Back in the car, we deciphered clue two, tapped “shortest route to Chablis” into the TomTom and hit the back roads for a 125-mile back road blast. It was interesting to see each car’s version of the shortest route as we drove parallel with cars on distant roads or cut through villages to save a mile or two.
We pulled into Chablis’ town square as the Lotus was leaving – parking up in a car with a blowing exhaust and covered in logos drew quizzical looks for the locals but we caused even more amazement when we started running to the next checkpoint in our fancy dress! We grabbed our picture and headed off again as the bike, Ferrari and XJ6 pulled in, heading for the third checkpoint.
We had to telephone for help as the clue led us to the French GP circuit, but we didn’t know the name – a text for a Google search told us to head for the Circuit Dijon Prenois. Another surprise was that, in order to calibrate our odometers, we were to take five free laps of the track.
I am a Track Day fan and so was delighted to get out and see what the Rover could do. Unfortunately, the car was now limping up to 65mph with no back pressure, a long way from its 100mph top speed – I gave it all I could and pushed hard into corners to keep the speed up but was lapped by a Kia Sedona on the straight. Mind you, in typical P6 style, it rolled hard enough to lose chrome from the door handles but stuck like glue to the tarmac and anything in front on the bends. We’d been warned to watch our mirrors for Touring Car driver Anthony Reid. I kept an eye out and saw him coming up fast behind – he passed us sideways on the chevrons and disappeared past a couple more cars.
The Esprit’s driver had enjoyed his track time so much that he too had broken the car’s exhaust and later lashed it together with electric cable.
We had to push on as the day was getting late and headed for the last two checkpoints closer to our finish in Macon. However, after six hours in the car, the crew needed a brew, so we pulled up at a café for a cuppa. It wasn’t long before a dapper French chap pulled up by the Rover, walked around it, saw us and asked to hear the engine.
Our shortest route took us through some interesting places – at one point, the road ended in a field, “turn right in 80 yards” said TomTom, further onto the farm. We followed and hopefully saved half a mile. Later, at the top of a steep hill, strangely dressed people were shuffling along the narrow streets – only when we reached the top did I realise that we were driving through the grounds of a mental hospital. We drove on before being added to the register!
Heading to the last checkpoint of the night, we were surrounded by vineyards on all sides and the lanes grew narrower until we were bouncing down tractor tracks amongst the vines to the bemusement of the farmworkers.
Our shortcut put us between the DBS and Stag on the fast main road, but our TomTom wanted us to take a side road. Luckily, the Aston missed the turn as the good tarmac ended and we and the Triumph crashed down on to the older surface. Fine for these old buses, but that would have made a mess of the Aston.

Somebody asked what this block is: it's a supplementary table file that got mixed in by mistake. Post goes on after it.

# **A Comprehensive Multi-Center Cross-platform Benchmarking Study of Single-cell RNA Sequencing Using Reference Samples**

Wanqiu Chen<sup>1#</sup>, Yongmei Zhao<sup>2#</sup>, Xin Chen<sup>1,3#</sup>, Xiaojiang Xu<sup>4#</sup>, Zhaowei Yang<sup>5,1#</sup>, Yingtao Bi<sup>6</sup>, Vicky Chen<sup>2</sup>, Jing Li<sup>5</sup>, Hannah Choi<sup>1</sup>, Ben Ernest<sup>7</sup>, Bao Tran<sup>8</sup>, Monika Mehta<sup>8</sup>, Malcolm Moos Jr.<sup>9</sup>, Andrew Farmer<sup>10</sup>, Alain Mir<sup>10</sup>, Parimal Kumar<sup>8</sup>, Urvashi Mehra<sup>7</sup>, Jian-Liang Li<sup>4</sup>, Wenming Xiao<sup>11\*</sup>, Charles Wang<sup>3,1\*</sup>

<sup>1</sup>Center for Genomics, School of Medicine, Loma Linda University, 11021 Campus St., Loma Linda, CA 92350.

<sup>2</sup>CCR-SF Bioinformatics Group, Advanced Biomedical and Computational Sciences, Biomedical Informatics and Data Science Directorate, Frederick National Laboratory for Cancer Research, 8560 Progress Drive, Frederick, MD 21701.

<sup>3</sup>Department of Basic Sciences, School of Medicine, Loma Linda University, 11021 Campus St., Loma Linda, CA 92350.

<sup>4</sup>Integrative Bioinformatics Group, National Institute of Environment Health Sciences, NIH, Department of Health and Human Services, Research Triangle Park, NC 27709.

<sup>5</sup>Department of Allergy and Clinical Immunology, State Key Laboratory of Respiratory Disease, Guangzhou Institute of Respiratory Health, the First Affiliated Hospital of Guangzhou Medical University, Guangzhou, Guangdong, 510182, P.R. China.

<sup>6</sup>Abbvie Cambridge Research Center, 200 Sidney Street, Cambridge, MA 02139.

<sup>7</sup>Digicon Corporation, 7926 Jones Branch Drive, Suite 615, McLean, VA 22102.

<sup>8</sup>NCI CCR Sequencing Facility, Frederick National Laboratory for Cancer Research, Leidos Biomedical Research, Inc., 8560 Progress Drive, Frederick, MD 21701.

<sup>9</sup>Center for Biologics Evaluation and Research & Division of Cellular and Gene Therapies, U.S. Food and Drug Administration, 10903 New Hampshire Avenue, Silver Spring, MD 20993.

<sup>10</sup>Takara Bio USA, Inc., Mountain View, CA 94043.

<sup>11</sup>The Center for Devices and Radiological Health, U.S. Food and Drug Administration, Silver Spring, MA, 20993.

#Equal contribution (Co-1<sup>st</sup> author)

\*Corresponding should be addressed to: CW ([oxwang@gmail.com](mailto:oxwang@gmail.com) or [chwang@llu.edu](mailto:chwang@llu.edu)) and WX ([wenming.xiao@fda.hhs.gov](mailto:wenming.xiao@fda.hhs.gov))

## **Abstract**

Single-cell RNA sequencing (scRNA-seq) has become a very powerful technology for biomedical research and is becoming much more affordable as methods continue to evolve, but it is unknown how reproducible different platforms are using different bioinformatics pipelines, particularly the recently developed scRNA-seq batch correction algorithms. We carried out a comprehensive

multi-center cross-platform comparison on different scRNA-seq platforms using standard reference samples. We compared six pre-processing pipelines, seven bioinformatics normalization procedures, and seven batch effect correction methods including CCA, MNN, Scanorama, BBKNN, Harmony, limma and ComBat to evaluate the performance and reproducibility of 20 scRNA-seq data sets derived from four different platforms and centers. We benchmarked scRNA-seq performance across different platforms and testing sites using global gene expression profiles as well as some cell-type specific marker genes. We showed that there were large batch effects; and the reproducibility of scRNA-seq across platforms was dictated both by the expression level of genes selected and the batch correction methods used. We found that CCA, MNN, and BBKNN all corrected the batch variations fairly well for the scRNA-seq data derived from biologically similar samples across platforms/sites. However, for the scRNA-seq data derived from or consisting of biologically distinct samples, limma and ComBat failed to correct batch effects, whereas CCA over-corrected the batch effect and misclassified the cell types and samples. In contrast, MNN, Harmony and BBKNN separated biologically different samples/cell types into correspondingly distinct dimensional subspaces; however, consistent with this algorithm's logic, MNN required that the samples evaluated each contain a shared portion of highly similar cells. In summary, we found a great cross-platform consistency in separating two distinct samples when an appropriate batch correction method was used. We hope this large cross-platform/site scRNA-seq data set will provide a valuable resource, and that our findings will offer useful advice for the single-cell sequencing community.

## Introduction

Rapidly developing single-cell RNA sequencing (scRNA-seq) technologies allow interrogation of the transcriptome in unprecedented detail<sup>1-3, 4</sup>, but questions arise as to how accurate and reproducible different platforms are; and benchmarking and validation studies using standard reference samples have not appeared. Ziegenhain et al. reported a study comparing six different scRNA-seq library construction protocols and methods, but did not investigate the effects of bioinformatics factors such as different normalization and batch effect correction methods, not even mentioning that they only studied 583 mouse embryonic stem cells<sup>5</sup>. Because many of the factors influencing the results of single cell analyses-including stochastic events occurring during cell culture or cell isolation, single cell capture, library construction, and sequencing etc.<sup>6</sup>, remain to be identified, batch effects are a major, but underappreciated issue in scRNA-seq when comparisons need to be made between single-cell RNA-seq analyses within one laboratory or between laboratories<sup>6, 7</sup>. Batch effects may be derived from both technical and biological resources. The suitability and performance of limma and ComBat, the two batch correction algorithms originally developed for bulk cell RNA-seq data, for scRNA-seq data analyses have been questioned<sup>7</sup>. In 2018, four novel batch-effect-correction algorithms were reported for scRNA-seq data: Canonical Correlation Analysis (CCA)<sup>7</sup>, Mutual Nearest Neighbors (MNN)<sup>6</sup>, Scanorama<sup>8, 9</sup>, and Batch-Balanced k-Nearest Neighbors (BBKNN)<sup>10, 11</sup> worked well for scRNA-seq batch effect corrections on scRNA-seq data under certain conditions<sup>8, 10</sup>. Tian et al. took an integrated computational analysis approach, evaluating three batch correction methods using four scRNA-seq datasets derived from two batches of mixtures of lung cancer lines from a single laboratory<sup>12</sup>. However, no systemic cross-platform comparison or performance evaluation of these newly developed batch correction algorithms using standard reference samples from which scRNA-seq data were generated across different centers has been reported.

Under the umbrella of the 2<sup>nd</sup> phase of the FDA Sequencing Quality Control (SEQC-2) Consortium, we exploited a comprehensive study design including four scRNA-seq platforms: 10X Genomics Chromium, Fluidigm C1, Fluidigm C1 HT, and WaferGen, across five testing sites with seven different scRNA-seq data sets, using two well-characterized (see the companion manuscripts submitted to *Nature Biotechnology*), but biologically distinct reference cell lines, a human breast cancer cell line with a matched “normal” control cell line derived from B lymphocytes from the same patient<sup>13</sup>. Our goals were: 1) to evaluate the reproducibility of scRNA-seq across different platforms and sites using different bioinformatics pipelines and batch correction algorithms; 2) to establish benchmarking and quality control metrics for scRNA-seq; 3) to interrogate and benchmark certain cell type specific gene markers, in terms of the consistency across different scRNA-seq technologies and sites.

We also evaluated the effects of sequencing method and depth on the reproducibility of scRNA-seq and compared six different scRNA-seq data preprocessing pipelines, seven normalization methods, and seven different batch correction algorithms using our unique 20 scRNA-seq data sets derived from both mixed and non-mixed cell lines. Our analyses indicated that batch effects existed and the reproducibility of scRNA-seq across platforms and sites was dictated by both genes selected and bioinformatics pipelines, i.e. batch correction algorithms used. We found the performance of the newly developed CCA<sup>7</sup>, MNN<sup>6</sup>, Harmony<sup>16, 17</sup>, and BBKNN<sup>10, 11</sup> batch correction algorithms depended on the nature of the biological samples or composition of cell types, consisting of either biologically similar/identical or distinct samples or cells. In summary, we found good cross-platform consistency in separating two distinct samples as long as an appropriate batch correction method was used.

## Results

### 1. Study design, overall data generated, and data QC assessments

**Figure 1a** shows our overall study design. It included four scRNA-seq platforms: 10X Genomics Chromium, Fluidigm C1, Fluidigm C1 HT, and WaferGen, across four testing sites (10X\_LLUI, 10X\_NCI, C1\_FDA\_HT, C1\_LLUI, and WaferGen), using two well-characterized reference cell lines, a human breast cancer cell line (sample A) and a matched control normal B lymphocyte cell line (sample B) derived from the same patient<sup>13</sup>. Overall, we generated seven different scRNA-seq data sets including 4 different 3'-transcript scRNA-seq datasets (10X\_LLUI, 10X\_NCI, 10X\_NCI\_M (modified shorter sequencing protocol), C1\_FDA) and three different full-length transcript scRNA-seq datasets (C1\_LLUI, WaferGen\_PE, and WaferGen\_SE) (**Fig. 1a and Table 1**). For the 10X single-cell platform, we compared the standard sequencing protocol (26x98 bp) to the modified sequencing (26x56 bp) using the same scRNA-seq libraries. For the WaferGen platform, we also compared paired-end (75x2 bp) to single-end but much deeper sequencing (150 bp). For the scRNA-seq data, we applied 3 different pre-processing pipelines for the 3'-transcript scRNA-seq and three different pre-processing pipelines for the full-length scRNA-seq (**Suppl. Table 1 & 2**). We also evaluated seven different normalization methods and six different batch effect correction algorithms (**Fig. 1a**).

We found the checkpoint and then made it to the hotel by chasing the XJ6 as we couldn’t find it in the TomTom. We had reached the town of Beaujeu for the new wine’s release and were able to hear the other teams’ stories. The C-Type had also experienced exhaust manifold problems, but the crew had luckily packed repair tape and bodged it together. However, the best tale came from the driver of a 911 who was pulled over for speeding and breathalysed at 9am. The Gendarme handed him the tube and announced “If this turns red, I weeell mek yor ‘oliday sheeet !” Of course, it stayed green…
Anyway, after a black tie evening of Taittinger’s hospitality and awards for most charity money raised and shortest distance travelled – we were 59 miles off the best, but not the worst for once – we regrouped on the last morning at historic Reims-Gueux road circuit.
Dating back to 1926, the triangular track used the streets and hosted the French F1 Grand Prix until its closure in 1972. The pits and grandstand are still there, haunting and alone, on a quiet country road. Forty years after Surtees made his Cooper-Maserati debut at the track, he returned and took a lap in a Quattroporte.
We’d planned to stop, grab a photo and drive on and not turn the car off as hot starting had become an issue, but the car stalled as we parked, so we stuck around for a while after all.
Fortunately, after tweaks from several hands and a few minutes to cool, the Rover came back to life and we headed for Calais. We didn’t dare turn the engine off, but needed fuel. Luckily, when we pulled into services, there where several other Beaujolais teams so the Rover could stay running while we fuelled it and ourselves. We were back in Blighty a few hours later… Birmingham’s finest had coped with 1400 miles in the four day trip and, exhaust aside, been comfortable and reliable – if I take it again I’ll pack more wine in the boot!